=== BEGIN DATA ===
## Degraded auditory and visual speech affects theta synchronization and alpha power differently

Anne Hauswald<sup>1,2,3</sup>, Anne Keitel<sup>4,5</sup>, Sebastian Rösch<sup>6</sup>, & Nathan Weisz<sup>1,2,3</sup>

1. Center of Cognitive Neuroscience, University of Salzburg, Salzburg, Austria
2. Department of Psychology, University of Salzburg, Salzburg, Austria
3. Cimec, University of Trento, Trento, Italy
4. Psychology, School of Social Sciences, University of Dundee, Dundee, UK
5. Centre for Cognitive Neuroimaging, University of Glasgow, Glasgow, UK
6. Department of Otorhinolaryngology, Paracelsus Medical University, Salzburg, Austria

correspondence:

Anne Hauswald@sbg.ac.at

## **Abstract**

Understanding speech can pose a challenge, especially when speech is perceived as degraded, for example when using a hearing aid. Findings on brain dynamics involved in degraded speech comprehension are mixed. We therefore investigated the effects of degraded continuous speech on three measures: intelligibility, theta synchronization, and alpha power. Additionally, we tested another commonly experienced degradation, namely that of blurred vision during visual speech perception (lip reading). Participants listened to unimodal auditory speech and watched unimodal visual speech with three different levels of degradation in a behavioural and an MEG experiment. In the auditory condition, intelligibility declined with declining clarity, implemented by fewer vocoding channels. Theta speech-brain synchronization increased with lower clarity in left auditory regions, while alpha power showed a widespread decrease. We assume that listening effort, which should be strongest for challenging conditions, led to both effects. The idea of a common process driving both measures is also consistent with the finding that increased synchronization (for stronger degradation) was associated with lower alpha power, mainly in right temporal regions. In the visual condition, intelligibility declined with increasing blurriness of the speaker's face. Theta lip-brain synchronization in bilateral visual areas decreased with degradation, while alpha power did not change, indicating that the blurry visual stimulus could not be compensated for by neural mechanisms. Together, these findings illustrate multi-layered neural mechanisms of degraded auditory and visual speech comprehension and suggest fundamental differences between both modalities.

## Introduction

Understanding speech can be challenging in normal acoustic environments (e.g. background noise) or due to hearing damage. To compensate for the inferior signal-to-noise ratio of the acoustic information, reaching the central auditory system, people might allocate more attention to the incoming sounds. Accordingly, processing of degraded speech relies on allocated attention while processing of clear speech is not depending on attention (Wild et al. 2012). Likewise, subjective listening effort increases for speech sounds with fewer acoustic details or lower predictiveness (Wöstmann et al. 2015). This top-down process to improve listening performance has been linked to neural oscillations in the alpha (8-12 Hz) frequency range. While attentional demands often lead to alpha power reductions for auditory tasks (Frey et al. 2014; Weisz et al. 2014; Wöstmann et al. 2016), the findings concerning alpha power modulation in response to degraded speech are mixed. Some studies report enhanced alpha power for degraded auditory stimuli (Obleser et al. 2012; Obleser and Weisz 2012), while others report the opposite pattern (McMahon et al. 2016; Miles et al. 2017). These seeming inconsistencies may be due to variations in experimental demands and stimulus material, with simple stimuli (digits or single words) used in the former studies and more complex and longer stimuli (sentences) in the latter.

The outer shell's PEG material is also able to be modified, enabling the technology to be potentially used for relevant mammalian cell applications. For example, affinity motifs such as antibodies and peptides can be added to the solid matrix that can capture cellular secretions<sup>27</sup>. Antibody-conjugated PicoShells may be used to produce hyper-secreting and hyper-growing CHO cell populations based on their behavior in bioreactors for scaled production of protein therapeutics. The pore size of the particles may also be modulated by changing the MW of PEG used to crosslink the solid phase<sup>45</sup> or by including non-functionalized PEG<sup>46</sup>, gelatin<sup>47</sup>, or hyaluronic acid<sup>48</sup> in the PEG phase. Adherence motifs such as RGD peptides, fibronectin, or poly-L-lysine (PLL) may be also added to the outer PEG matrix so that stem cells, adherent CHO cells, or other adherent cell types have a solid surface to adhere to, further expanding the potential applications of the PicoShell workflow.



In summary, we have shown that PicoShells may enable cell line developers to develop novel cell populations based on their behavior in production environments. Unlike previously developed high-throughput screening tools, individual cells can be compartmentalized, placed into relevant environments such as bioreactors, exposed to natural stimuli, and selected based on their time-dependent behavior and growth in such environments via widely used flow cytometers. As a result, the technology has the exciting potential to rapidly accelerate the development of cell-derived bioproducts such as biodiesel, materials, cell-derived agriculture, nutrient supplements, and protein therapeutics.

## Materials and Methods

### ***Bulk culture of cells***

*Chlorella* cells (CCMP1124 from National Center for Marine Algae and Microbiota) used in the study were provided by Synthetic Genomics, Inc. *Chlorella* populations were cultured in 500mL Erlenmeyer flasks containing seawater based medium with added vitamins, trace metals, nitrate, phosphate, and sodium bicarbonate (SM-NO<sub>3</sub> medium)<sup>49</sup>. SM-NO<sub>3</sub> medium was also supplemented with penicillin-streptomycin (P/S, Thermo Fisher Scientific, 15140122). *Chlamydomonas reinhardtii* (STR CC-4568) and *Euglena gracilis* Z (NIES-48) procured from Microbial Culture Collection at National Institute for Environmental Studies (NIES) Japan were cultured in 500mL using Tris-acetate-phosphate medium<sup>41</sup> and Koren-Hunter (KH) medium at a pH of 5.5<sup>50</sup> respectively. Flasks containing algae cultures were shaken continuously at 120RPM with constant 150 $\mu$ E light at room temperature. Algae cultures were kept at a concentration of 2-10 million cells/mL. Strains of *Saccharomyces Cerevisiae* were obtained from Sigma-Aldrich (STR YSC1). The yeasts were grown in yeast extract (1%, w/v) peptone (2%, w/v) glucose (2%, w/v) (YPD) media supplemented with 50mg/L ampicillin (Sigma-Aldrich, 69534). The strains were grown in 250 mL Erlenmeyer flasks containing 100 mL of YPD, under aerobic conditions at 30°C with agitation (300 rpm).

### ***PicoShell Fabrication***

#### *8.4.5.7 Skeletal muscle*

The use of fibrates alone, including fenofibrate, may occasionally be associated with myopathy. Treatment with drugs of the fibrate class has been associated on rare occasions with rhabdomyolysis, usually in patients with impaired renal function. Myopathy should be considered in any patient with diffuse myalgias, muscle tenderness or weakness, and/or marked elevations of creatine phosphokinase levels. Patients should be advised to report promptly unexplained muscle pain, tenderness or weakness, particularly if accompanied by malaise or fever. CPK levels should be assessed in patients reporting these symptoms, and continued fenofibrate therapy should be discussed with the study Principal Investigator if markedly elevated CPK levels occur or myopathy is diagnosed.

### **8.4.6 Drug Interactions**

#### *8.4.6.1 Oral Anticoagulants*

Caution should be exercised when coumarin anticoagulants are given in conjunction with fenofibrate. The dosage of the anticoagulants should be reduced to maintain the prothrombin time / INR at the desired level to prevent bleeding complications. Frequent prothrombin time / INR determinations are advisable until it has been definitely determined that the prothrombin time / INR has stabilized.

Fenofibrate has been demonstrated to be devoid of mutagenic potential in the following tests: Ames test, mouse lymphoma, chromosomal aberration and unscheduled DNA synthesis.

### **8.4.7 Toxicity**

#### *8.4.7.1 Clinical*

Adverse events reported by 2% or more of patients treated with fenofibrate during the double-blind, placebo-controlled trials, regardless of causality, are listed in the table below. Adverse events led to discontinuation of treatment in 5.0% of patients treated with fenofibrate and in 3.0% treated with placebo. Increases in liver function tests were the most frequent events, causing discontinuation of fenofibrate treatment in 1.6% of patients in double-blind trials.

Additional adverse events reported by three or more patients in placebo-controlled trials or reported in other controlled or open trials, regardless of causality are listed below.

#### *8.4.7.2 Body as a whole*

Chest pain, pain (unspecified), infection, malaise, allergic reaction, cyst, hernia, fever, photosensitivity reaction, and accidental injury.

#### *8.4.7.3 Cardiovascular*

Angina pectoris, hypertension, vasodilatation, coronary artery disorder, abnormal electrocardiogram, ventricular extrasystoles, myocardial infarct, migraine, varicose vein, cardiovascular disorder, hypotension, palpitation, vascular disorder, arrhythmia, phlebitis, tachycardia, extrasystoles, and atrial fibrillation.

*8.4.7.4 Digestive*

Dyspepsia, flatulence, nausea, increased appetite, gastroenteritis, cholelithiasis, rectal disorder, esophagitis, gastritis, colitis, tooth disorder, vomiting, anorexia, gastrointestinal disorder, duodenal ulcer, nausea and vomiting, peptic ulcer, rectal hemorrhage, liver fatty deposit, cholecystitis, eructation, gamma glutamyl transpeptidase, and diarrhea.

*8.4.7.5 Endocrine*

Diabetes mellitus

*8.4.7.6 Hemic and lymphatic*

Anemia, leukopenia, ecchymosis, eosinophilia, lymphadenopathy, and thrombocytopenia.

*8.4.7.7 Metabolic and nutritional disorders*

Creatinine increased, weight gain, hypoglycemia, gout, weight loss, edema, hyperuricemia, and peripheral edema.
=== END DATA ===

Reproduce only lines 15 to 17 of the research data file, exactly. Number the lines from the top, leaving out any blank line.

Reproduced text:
The outer shell's PEG material is also able to be modified, enabling the technology to be potentially used for relevant mammalian cell applications. For example, affinity motifs such as antibodies and peptides can be added to the solid matrix that can capture cellular secretions<sup>27</sup>. Antibody-conjugated PicoShells may be used to produce hyper-secreting and hyper-growing CHO cell populations based on their behavior in bioreactors for scaled production of protein therapeutics. The pore size of the particles may also be modulated by changing the MW of PEG used to crosslink the solid phase<sup>45</sup> or by including non-functionalized PEG<sup>46</sup>, gelatin<sup>47</sup>, or hyaluronic acid<sup>48</sup> in the PEG phase. Adherence motifs such as RGD peptides, fibronectin, or poly-L-lysine (PLL) may be also added to the outer PEG matrix so that stem cells, adherent CHO cells, or other adherent cell types have a solid surface to adhere to, further expanding the potential applications of the PicoShell workflow.



In summary, we have shown that PicoShells may enable cell line developers to develop novel cell populations based on their behavior in production environments. Unlike previously developed high-throughput screening tools, individual cells can be compartmentalized, placed into relevant environments such as bioreactors, exposed to natural stimuli, and selected based on their time-dependent behavior and growth in such environments via widely used flow cytometers. As a result, the technology has the exciting potential to rapidly accelerate the development of cell-derived bioproducts such as biodiesel, materials, cell-derived agriculture, nutrient supplements, and protein therapeutics.

## Materials and Methods